Grits are great with sufficient amounts of butter and salt. Also cheese. I had some excellent cheese grits on Friday.

  248. 248
    Omnes Omnibus says:

    @Jay Noble: For Plains Indians, that may be true. What percentage of indigenous peoples were on the Plains?

  249. 249
    Ruckus says:

    @J R in WV:
    We came back from the North Atlantic one time and we were boarded by marines with dogs to do a search for drugs about 3 hrs out. They didn’t find any except for an old block of hash that had been hidden for what they said was years. My liquor story is we had a lifer who started getting to be extremely obnoxious and some of the other lifers said he had sobered up. We’d been out to sea for almost 6 weeks at the time. The food almost mutiny happened the week before. Nicest guy, as long as his supply didn’t run out.
    ETA It was real common to fuck with the lifers with the wrong terms. They hated it, which of course is why it was done.

  250. 250
    Steeplejack says:

    @Kayla Rudbek:

    Leberkäse for me. It’s like designer bologna and, despite its name, contains neither liver* nor cheese.

    * True for real (Bavarian) Leberkäse.

  251. 251
    Ruckus says:

    @Omnes Omnibus:
    My fun times like that were in the Shore Patrol. If you wanted to be a prick it would have been pretty easy. You also may have gotten your ass beat upon by some squid with a buzz and an attitude. I always found an offer of captains mast was sobering for the real malcontents. Don’t know what happens in the army but in the navy you get written up and go before your commanding officer. As I was in the Shore Patrol you also got to spent the night in a jail cell. And most knew that their captain didn’t really care if they got drunk but having to hold captains mast and have a demerit upon the honor of that ship? Yeah captains didn’t like that at all. Never had a taker.

  252. 252
    Steeplejack says:

    My childhood (1950s-60s) was blessed by the fact that my mother was a great cook. She grew up on a Tennessee farm and added to her repertoire as we moved around in the Air Force. I didn’t appreciate this until I was grown up. When you’re a kid you just think the way your family is is “normal” for everyone.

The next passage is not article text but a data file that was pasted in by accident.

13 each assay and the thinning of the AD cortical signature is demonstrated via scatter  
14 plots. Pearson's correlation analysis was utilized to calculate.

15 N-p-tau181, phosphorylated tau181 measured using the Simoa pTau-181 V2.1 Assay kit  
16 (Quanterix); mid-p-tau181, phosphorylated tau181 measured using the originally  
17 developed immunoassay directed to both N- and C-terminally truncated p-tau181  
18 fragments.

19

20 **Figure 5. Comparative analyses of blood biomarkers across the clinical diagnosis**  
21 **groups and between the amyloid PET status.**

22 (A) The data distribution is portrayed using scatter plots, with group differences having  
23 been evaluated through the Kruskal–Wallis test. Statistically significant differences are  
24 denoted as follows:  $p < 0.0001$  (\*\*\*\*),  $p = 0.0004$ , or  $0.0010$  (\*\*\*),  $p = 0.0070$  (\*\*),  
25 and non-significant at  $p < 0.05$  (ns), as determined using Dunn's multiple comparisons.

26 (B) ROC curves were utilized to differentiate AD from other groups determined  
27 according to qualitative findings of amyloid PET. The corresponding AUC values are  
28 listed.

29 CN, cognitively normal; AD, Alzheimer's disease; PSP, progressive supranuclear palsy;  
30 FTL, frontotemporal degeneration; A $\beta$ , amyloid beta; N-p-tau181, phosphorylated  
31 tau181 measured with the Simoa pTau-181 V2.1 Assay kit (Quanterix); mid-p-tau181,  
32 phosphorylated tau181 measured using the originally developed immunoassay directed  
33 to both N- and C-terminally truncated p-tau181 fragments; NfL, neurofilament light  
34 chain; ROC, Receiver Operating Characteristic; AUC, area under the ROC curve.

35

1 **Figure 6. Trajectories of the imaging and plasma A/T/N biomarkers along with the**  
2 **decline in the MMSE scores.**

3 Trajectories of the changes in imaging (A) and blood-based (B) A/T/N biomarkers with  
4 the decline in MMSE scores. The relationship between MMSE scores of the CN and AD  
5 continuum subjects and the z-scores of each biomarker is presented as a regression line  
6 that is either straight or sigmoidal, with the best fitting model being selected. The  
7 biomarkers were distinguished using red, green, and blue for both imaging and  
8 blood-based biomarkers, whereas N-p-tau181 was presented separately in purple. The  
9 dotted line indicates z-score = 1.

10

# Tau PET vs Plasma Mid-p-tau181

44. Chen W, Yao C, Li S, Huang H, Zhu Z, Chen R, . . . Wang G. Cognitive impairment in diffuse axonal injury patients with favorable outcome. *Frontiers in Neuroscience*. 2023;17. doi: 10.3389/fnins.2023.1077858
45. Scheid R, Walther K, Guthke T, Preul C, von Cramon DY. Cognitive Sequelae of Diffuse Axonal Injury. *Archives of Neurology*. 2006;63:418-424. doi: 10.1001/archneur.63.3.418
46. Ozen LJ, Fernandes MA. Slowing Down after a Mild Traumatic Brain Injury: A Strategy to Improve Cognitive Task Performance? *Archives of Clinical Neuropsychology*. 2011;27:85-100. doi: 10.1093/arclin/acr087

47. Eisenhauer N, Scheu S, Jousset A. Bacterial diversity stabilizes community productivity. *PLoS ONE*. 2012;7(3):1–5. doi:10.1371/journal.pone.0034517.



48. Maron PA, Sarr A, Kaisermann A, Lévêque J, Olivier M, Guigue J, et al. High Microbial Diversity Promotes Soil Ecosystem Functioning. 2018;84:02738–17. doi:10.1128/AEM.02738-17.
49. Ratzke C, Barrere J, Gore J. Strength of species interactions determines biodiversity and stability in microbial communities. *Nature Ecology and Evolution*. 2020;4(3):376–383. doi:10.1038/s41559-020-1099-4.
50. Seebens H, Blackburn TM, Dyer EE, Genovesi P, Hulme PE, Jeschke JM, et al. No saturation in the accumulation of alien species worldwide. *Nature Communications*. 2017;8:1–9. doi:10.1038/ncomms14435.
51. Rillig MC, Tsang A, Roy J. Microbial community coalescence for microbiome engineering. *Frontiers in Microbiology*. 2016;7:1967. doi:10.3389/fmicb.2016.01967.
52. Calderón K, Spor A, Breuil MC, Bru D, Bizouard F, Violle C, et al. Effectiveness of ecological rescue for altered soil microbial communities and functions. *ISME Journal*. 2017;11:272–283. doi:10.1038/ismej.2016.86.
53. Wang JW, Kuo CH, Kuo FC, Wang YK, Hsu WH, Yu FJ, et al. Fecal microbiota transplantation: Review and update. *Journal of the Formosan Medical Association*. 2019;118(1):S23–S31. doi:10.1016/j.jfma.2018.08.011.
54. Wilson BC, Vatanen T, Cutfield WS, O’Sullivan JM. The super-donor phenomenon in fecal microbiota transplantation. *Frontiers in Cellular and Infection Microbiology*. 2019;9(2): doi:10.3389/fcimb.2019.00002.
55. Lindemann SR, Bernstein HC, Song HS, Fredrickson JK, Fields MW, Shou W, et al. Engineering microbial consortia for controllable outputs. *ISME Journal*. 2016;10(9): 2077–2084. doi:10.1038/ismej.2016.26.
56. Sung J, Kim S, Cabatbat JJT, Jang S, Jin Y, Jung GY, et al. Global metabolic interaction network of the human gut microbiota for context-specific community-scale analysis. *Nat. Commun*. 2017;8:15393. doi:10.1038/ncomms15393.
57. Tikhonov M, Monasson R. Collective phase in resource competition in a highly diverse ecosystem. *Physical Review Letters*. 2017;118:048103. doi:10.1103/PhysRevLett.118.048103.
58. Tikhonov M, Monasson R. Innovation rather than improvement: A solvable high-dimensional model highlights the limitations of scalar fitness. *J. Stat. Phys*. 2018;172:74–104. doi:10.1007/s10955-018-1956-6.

Dad was a pretty good cook too. Master of the grill, of course, and he had some great Cajun and Creole recipes from when he did his residency in New Orleans, as well as a good potato soup that for some reason I hated for a stretch as a kid.

    The only really bad food I remember is that sometimes when my parents were going out for the evening we would get fish sticks or a TV dinner. But that didn’t happen often.

    On the other hand, when we were on car trips we would often stop for lunch at a rest area and have cheese and crackers, apple slices and Vienna sausages (pronounced “Vy-eena,” of course). Don’t think I would have one of those today.

  253. 253
    Omnes Omnibus says:

    @Ruckus: We had to do courtesy patrol when we we were duty battalion. We put E-5s clubs that were iffy, and me and my E-7 sat somewhere and waited for something to go to shit. When it did, I stepped into the middle. No one wanted to go to jail for hitting me. Then we would say that MPs would be there soon. It worked.

  254. 254
    frosty fred says:

    @Steeplejack: My father pronounced via as vye-ay, but he did say “Vienna” sausage. My mother was a wildly variable cook; the problem as someone mentioned already was the “ladies’ magazine” mindset. When she went wrong, pretty much, it would be in rejecting the country cooking of her cultural background. Her congealed salads tended to be pretty good, though.

  255. 255
    Chuck D says:

    At every family gathering someone made a 7-layer salad that consisted of iceburg lettuce, frozen peas, onions and sliced green peppers combined in a thin layer… each layer was separated from the next by a half-inch thick layer of Miracle Whip. The concoction was at least 75% Miracle Whip by weight. Truly disgusting.

  256. 256
    MoCA Ace says:

    At every family gathering someone made a 7-layer “salad” that consisted of iceburg lettuce, frozen peas, onions and sliced green peppers combined in a thin layer… each layer was separated from the next by a half-inch thick layer of Miracle Whip. The concoction was at least 75% Miracle Whip by weight. Truly disgusting.